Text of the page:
Locating Hydrogen Atoms in a Protein Using Neutron Crystallography

Approximately one-half of all atoms in a protein are hydrogen (H) atoms.

The Science

Hydrogen atoms are notoriously difficult to locate in proteins, yet they are key atoms in many of the chemical reactions of life and comprise one-half of a protein’s atoms. X-ray crystallography has been used to determine the atomic structure of many proteins and macromolecular complexes, but only a small fraction of the hydrogen atoms in these molecules can be located using this technique. In contrast, neutrons are scattered by hydrogen atoms, enabling determination of the position of these atoms in a protein molecule, though usually only to a medium resolution of about 2Å. Now, scientists at the Los Alamos Neutron Science Center have used the Protein Crystallography Station to determine the structure of a protein with the positions of its hydrogen atoms defined to an ultrahigh resolution of 1.1Å, the highest resolution ever for a neutron structure of a protein. They were able not only to locate nearly 95% of the hydrogen atoms in the protein at this resolution, but could determine the location of the hydrogen bonds that help determine the three-dimensional structure of the folded protein, and in some cases see how individual hydrogen atoms vibrate about their position in the protein. This new capability will improve understanding of the activity of many proteins, as well as guide computational modeling of systems such as protein-substrate and protein-drug complexes. The research was a collaboration of scientists at the University of Toledo, Los Alamos National Laboratory, and Oak Ridge National Laboratory.


H atoms play a variety of critical roles in proteins, including hydrogen bonding, electrostatic interactions, and catalysis. Unfortunately, H atoms are difficult to visualize in a three-dimensional context, and for the vast majority of crystal structures, their locations are inferred from the position of their neighboring heavy atom (C, N, O, S). These locations are based on atomic positions in databases of previously solved structures, general chemical knowledge, quantum mechanical calculations, or potential hydrogen bonding interactions. Together with the hydrophobic effect, H bonds are one of the primary interactions contributing to the formation of secondary and tertiary structural motifs and are crucial for protein–ligand recognition. For almost all X-ray crystal structures, including those solved at atomic resolution, H bonds are normally inferred from the heavy atom positions of the donor–acceptor pair, and their distances. In this structure, H atom positions have been experimentally determined, and the high resolution of the neutron diffraction data and the accuracy of the model allow researchers to analyze the observed H bonds within the protein and the water network in more detail.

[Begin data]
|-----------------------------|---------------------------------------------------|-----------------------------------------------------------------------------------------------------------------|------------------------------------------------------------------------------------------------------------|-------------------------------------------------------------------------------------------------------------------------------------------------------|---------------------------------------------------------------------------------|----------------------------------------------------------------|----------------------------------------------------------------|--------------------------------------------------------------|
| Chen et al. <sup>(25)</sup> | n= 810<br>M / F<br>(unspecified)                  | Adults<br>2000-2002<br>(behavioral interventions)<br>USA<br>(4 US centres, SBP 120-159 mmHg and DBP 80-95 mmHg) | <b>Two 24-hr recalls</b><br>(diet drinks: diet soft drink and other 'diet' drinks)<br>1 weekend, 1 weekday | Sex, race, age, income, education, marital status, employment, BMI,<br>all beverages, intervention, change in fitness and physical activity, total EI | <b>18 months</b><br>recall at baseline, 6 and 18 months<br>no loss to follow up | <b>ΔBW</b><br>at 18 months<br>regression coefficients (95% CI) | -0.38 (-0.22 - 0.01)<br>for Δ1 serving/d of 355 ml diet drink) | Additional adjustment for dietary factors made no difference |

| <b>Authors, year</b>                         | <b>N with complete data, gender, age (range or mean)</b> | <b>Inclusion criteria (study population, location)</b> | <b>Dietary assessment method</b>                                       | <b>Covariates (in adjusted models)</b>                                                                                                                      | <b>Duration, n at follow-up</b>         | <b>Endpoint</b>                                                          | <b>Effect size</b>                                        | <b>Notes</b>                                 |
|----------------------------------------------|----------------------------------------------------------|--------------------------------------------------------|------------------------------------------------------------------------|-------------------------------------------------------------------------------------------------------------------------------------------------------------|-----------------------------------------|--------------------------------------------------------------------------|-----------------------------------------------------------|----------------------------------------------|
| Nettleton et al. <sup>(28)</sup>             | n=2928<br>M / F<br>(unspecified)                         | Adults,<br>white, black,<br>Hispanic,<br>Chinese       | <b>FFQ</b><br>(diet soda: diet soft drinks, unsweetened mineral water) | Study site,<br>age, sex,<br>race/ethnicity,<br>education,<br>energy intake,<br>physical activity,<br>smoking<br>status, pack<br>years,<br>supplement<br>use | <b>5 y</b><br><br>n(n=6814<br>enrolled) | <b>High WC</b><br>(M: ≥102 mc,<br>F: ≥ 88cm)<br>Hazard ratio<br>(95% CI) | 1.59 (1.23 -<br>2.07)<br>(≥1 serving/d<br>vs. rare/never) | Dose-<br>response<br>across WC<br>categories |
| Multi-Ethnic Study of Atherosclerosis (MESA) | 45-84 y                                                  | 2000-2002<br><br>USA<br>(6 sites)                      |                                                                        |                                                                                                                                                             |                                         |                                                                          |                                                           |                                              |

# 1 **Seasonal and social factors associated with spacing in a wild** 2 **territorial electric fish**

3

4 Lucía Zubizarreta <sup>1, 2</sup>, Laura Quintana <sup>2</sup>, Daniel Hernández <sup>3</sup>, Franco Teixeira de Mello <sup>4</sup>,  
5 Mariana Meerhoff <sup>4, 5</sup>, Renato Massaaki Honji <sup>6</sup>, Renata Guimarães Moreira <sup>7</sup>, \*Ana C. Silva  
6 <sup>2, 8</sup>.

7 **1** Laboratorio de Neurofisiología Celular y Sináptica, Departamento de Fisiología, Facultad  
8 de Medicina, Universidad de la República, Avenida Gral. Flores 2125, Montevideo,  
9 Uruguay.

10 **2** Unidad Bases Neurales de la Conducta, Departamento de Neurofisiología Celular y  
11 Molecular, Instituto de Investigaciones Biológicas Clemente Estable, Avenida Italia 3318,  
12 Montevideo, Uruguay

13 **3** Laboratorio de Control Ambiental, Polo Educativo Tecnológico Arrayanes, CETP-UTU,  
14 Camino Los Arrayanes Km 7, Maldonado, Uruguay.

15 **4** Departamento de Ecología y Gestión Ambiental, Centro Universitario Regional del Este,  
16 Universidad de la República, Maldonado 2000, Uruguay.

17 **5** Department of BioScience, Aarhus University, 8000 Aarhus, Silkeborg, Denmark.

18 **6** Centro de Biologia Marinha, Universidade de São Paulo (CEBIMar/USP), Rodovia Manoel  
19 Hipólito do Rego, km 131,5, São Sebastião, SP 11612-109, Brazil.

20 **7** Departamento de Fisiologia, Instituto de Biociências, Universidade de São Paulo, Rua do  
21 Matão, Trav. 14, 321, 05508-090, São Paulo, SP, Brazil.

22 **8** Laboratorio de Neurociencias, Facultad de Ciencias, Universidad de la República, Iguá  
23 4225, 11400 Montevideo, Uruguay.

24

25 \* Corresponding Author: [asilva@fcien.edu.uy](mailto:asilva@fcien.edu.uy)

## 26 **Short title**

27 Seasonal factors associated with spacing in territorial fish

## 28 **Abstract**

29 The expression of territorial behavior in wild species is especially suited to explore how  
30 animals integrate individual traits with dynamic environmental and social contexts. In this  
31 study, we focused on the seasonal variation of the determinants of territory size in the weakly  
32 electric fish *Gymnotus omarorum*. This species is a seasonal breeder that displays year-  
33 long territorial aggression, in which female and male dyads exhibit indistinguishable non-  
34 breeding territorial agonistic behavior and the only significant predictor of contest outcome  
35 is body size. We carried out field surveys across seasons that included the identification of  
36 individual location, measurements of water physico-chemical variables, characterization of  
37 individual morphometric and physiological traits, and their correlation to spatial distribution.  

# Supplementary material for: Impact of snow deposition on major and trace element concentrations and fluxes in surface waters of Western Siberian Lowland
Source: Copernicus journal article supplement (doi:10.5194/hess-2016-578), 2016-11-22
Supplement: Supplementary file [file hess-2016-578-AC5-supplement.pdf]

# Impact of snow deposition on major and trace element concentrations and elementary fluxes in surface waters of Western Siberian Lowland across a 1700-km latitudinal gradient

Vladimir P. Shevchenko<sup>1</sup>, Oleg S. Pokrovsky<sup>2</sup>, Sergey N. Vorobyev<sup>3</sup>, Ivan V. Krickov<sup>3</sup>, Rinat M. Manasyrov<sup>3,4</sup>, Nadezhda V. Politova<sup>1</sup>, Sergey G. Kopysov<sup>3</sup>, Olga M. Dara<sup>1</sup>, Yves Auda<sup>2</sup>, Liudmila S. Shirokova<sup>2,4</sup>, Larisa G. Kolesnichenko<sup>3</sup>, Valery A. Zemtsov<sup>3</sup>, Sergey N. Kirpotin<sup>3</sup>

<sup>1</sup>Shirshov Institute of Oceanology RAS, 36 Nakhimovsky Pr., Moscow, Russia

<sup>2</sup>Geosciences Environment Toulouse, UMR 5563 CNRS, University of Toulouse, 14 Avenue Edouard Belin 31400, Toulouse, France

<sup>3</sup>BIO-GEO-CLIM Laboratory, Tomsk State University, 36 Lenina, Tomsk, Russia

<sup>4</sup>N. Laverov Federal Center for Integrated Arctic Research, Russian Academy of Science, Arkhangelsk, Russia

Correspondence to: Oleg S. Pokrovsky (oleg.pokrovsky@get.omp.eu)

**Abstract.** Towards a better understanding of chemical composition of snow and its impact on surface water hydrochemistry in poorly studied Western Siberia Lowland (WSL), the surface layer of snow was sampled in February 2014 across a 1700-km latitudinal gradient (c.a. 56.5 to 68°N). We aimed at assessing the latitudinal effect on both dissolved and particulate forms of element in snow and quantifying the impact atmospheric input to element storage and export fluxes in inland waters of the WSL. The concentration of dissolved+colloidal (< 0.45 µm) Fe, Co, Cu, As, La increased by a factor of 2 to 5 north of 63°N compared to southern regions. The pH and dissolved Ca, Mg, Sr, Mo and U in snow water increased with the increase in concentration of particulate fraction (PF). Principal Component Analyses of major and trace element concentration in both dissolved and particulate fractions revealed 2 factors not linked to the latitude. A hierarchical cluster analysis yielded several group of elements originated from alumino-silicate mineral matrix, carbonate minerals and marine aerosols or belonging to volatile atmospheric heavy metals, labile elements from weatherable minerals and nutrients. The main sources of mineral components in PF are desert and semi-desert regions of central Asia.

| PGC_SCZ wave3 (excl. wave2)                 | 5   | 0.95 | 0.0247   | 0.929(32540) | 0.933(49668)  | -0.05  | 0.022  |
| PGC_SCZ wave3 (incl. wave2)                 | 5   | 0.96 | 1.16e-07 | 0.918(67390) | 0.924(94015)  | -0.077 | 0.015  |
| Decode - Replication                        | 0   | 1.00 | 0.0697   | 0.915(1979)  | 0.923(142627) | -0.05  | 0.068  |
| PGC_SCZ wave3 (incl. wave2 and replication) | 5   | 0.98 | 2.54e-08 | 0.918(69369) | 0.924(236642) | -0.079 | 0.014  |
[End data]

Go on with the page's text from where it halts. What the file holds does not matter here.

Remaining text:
Principal Investigator

Julian Chen
University of Toledo

BER Program Manager

Amy Swain

U.S. Department of Energy, Biological and Environmental Research (SC-33)
Biological Systems Science Division
[email protected]


Chen, J. C.-H., B.L. Hanson, S.Z. Fisher, P. Langan, and A.Y. Kovalevsky. 2012. “Direct Observation of Hydrogen Atom Dynamics and Interactions by Ultrahigh Resolution Neutron Protein Crystallography,” Proceedings of the National Academy of Sciences (USA) 109(38), 15301–306. DOI:10.1073/pnas.1208341109.